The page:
The American Academy of Periodontology features this month a paper by Eick et al. on hyaluronic acid (e.g. Gengigel, Merz Dental, Germany) as an adjunct after scaling and root planing. It might be interesting to search for comparable randomized clinical trials in order to get a clue as to whether application during and after phase (I) therapy (the hygienic phase) may in fact be recommended.
Hyaluronic acid is a linear polysaccharide of the extracellular matrix of several tissues including connective tissues of the periodontium. History, chemistry, origin in the body and its metabolism, and its unique physiochemical and biological properties have recently been reviewed by Dahiya and Kamal (2013).
Only papers written in English were sought using the focused question (PICO): “In patients with chronic periodontitis, does the adjunct application of hyarulonic acid during and after periodontal scaling and root planing lead to better results as regards periodontal probing parameters probing depth and/or clinical attachment loss than scaling and root planing alone.” Only studies of a minimum of 3 months duration were considered since at that time periodontal reevaluation maybe conducted and, if needed, further treatment planned.
As a rule, the list of items which outlined in the PRISMA statement was checked, i.e. preferred reporting items for systematic reviews and meta-analyses (PRISMA). A PubMed search using (“hyaluronic acid”[MeSH Terms] OR (“hyaluronic”[All Fields] AND “acid”[All Fields]) OR “hyaluronic acid”[All Fields]) AND (“periodontitis”[MeSH Terms] OR “periodontitis”[All Fields]) yields 34 papers. In total, five RCTs could be identified where adjunct hyaluronic acid was compared with scaling and root planing alone in patients with chronic periodontitis, Eick et al. (2013), Bevilacqua et al. (2012), Gontiya and Galgali (2012), Johannsen et al. (2009), and Xu et al. (2004). Note that the paper by Xu et al. (2004) had been republished in Chinese the same year. The pilot study by Pilloni et al. (2011) was not considered since only results of adjunct application of hyaluronic acid after toothbrushing were reported as compared to toothbrushing alone in patients with shallow pockets.
The remaining papers were read in full before certain data were extracted. Several of the papers contained issues which make proper interpretation of results problematic. While in the study by Bevilacqua et al. (2012) results revealed more reduction of pocket depth when a not further specified mixture of amino acids and sodium hyaluronate gel (Aminogam®) had been applied subgingivally after scaling and root planing of 2 pockets of at least 5 mm in each of 11 patient (average decreased from 6.14 mm at baseline to 4.64 mm at day 90) as compared to application of a placebo gel at 2 pockets in a different quadrant of the dentition (from 6.36 to 5.36 mm), authors mention that their statistical unit for hypothesis testing was the site, not the patient. While there are sophisticated statistical methods may be applied in order to properly consider the non-independence of the numerous observations made in an oral cavity, such as generalized estimating equations or, more recently, multilevel modeling, just calculating standard errors (or, as has been done by the authors, confidence intervals) of estimates by disregarding the correlated structure of the data are inevitably be underestimated with severe consequences when testing hypotheses.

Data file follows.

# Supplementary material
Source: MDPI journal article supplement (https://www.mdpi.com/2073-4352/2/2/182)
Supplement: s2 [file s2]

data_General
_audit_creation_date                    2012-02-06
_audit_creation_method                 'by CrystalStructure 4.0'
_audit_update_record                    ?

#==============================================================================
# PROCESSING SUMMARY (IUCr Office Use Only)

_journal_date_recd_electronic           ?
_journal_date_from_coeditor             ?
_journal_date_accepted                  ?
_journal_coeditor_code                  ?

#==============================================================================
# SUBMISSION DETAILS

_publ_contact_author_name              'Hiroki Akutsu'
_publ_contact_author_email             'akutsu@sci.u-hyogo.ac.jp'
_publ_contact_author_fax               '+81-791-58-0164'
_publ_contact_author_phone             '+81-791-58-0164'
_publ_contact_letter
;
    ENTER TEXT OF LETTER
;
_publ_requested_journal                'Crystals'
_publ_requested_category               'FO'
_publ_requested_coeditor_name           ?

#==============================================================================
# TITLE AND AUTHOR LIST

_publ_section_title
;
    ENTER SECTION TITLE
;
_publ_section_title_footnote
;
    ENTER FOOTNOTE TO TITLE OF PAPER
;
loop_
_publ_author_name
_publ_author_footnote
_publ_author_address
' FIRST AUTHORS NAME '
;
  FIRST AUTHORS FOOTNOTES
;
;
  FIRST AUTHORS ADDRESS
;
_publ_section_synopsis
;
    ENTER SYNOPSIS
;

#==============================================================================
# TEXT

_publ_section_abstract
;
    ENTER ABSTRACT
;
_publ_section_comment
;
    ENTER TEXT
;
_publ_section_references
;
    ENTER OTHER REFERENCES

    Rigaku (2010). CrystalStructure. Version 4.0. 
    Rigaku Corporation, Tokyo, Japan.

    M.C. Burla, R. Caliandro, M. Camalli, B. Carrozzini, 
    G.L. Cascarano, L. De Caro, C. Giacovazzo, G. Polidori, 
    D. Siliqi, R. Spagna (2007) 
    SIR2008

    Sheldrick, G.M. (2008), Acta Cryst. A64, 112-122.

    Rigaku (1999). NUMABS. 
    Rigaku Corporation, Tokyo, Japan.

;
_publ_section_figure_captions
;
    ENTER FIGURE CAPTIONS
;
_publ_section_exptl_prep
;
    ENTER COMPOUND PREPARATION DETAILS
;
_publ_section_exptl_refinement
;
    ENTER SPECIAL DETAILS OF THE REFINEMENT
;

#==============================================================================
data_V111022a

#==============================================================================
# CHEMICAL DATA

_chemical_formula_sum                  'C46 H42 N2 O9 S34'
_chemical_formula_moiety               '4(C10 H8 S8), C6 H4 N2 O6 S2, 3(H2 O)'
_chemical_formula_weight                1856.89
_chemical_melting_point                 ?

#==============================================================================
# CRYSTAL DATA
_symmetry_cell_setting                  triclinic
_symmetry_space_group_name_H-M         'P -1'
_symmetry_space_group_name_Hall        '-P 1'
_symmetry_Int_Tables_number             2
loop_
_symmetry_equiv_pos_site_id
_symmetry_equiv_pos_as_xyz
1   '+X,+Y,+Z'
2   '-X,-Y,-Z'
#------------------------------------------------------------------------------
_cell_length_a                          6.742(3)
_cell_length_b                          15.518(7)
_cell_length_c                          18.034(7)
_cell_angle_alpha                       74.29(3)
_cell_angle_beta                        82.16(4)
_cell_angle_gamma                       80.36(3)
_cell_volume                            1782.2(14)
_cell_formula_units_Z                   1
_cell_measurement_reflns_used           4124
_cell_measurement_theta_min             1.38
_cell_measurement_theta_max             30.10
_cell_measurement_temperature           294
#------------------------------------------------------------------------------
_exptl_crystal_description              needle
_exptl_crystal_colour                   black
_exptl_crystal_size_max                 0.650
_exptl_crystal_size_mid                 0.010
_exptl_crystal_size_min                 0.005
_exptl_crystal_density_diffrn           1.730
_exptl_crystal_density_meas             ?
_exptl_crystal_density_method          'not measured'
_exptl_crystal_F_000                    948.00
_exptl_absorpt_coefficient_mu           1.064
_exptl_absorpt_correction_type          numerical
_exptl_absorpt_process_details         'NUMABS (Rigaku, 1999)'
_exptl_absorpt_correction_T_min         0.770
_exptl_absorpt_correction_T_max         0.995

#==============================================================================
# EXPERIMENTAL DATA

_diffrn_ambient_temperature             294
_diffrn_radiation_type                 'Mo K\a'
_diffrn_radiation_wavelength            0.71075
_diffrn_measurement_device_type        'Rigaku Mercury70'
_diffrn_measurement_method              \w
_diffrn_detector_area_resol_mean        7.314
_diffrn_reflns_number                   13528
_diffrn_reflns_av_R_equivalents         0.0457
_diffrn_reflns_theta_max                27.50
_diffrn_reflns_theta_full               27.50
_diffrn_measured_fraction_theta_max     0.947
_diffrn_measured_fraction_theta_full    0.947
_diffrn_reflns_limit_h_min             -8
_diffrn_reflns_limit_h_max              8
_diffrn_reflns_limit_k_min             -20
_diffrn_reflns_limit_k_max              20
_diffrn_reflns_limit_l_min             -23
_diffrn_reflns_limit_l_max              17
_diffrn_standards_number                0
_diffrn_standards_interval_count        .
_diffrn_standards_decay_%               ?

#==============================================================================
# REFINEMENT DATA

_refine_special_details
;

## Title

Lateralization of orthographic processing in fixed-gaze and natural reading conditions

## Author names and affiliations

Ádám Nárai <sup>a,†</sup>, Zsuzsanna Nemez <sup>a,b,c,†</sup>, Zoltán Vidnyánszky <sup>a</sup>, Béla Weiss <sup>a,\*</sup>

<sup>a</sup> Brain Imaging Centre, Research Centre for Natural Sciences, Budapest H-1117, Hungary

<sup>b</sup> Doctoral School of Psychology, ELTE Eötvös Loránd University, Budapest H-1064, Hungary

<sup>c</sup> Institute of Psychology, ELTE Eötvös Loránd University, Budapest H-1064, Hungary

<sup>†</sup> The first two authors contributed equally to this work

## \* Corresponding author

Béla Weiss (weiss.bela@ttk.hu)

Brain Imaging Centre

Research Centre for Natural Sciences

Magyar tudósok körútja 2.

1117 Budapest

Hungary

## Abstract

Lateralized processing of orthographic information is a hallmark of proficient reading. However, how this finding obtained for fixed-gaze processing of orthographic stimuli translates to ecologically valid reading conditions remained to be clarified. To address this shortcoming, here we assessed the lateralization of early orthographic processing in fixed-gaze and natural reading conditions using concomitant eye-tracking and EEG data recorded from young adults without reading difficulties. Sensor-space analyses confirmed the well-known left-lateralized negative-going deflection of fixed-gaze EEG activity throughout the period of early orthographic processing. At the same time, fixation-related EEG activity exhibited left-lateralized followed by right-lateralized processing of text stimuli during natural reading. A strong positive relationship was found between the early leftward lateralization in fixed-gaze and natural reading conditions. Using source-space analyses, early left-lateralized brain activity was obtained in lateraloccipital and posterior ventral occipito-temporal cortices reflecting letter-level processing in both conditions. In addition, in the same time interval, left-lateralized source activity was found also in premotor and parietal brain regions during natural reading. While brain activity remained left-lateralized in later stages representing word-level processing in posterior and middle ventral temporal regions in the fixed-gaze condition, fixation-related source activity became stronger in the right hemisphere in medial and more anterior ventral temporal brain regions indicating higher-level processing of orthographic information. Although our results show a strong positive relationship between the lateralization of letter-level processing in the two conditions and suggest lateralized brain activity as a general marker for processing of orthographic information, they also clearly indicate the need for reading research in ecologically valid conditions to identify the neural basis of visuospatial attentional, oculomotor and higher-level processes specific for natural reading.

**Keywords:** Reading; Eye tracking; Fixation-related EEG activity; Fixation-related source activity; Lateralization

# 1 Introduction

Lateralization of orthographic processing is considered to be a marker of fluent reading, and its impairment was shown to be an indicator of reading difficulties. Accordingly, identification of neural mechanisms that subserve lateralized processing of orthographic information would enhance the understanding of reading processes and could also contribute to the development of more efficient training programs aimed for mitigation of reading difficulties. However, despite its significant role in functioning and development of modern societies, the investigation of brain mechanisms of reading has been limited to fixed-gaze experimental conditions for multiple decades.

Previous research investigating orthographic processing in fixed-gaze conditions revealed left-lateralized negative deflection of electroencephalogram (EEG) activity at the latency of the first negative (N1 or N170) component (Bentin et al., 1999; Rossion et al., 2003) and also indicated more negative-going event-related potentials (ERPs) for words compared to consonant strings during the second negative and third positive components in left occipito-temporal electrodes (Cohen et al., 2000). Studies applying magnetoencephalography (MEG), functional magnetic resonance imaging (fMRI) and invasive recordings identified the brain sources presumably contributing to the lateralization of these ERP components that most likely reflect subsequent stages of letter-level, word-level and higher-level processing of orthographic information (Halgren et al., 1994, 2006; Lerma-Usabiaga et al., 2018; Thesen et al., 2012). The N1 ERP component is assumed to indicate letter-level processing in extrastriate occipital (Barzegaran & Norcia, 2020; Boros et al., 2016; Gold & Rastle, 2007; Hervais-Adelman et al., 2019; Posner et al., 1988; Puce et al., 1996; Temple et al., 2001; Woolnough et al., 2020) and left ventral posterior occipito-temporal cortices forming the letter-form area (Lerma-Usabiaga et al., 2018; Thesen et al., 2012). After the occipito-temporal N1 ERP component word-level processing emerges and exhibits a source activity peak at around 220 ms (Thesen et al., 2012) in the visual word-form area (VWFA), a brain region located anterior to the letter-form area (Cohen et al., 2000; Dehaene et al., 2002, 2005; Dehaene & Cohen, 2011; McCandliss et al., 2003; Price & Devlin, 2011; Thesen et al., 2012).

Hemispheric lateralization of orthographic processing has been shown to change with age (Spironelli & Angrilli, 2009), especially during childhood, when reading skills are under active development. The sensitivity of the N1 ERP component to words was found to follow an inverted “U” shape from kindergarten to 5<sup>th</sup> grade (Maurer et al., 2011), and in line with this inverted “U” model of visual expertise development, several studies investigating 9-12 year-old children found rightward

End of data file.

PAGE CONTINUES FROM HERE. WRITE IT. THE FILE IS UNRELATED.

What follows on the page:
The study by Gontiya and Galgali (2012) presented with similar if not more problematic issues; for instance, improper site-specific analysis and no specification of statistical tests. Moreover, the fact that variability measures are not specified makes including the study in a meta-analysis impossible. In general, while authors report more pronounced reduction of gingival inflammation in the group of test teeth having received 0.2% hyaluronic acid gel after scaling, pocket depth reduction and relatibve attachment level changes were similar in test and control groups.
In the study by Johannsen et al. (2009), a suspicious sentence in the Materials and Methods section, ” All sites were included in the dataset” may suggest that authors used sites a statistical unit. A total of 12 patients with chronic periodontitis were treated by scaling and root planing. Test teeth (premolars and canines) in 2 random quadrants were subjected to adjunct application of 0.8% hyaluronic acid gel. No placebo was applied to contralateral control teeth. After 3 months, test teeth experienced 1 mm pocket depth reduction, on average, the respective reduction was 0.8 mm at control teeth. Clinical attachment levels did not change in either group.